In defence of ‘pastiche’ and ‘retromania’ (or, creativity in the time of YOLO)

‘In a world in which stylistic innovation is no longer possible, all that is left is to imitate dead styles, to speak through the masks and with the voices of the styles in the imaginary museum.’ – Frederic Jameson

‘The twentieth century’s closing scenes having witnessed the apparent end of history rather begged the question of what on earth we were meant to do from now on. The same instability and uncertainty which has produced a loss of faith in political orthodoxies, and analytical paralysis in the face of a multiplicity alternatives, has also produced a splintered and disintegrated culture at a loss as to how to define itself and, given the apparent imminence of disaster, unconvinced that it’s worthwhile bothering to do so.’ – Rhian E Jones


I’ve been intending to write about vaporwave for some time, but I’m glad I have refrained from doing so until now, as two pieces I’ve recently read have led me to completely reassess my thoughts on the genre, and by extension what I believe to be the misunderstood role of what is commonly identified as pastiche and retromanic tendencies in modern music.

The first comes from the recently published update of Simon Reynolds’ book Energy Flash: A Journey Through Rave Music and Dance Culture. When discussing Zomby in the final chapter (new to the book’s 2013 revised edition), Reynolds digresses into a discussion of the apparent prevalence of genre pastiche in contemporary electronic music, saying that:

‘Making genre pastiches is a low-intensity activity that provides some of the satisfactions of art-making (the craft side, the technical challenges of getting a period sounds) without the more challenging and draining aspect (the spark of inspiration, the envisioning of something-new-under-the-sun).’[1]

I’ve long felt uneasy about Reynolds’ conception of what he terms retromania, or ‘pop culture’s addiction to its own past.’ But this passage has led me to reject Reynolds’ cynicism towards the concept, as I believe it to be based on a misunderstanding of the artistry and sincerity with which such a music is created, which leads me to the second piece I’ve recently read – Adam Harper’s recent follow-up to his excellent 2012 essay on Vaporwave for Dummy.

For those not familiar with the genre, its principles are evocatively laid out in Harper’s original article on the subject, especially in the opening paragraphs. Apologies for quoting at length, but it’s so great that I just have to include it all:

‘Global capitalism is nearly there. At the end of the world there will only be liquid advertisement and gaseous desire. Sublimated from our bodies, our untethered senses will endlessly ride escalators through pristine artificial environments, more and less than human, drugged-up and drugged down, catalysed, consuming and consumed by a relentlessly rich economy of sensory information, valued by the pixel. The Virtual Plaza welcomes you, and you will welcome it too.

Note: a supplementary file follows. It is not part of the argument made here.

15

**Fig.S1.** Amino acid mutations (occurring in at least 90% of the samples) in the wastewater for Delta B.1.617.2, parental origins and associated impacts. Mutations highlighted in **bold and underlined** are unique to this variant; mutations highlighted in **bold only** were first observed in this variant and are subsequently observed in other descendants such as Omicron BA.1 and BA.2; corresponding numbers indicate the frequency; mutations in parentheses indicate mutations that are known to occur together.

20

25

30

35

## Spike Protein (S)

This is the world broadcast in brutal high-definition by a new faction within underground art-pop that’s exploring the technological and commercial frontiers of 21st-century hyper-capitalism’s grimmest artistic sensibilities. Wearing manic caffeine grins or concealed enigmatically behind corporate muscle and mirror-shades (or both), musicians such as Fatima Al Qadiri, James Ferraro,Gatekeeper,INTERNET CLUB,New Dreams Ltd. and many more are performing the next step in techno-capitalism’s disturbing and disturbingly logical sequence. They let flow the music that lubricates Capital, open the door to a monstrously alienating sublime, twist dystopia into utopia and vice versa, and dare you not to like it.’

The 2013 follow-up essay, a revision – and in many ways a retraction – of the original article, contains one passage in particular that stands out to me, and has led me to radically alter my views on the genre:

‘Many of the people I’ve introduced [vaporwave] to personally have expressed the strongest disbelief that it could be a positive and sincere sound, but the incredible thing about vaporwave is it’s not emotionally or aesthetically detached, not superficially ironic. Who was I to imply that the work of these bold new producers wasn’t sincere?’

Like others, and like Harper himself has somewhat admitted, I had underestimated the importance of the sincerity of the producers to understanding the aesthetic they’ve developed. I was initially rather suspicious of the genre, for although the way in which the music ‘lets flow the music that lubricates Capital’ excited me, the ambiguity as to whether this ‘musical Capital’ is being celebrated or subverted kept me distanced from enjoying the music on a purely aesthetic level.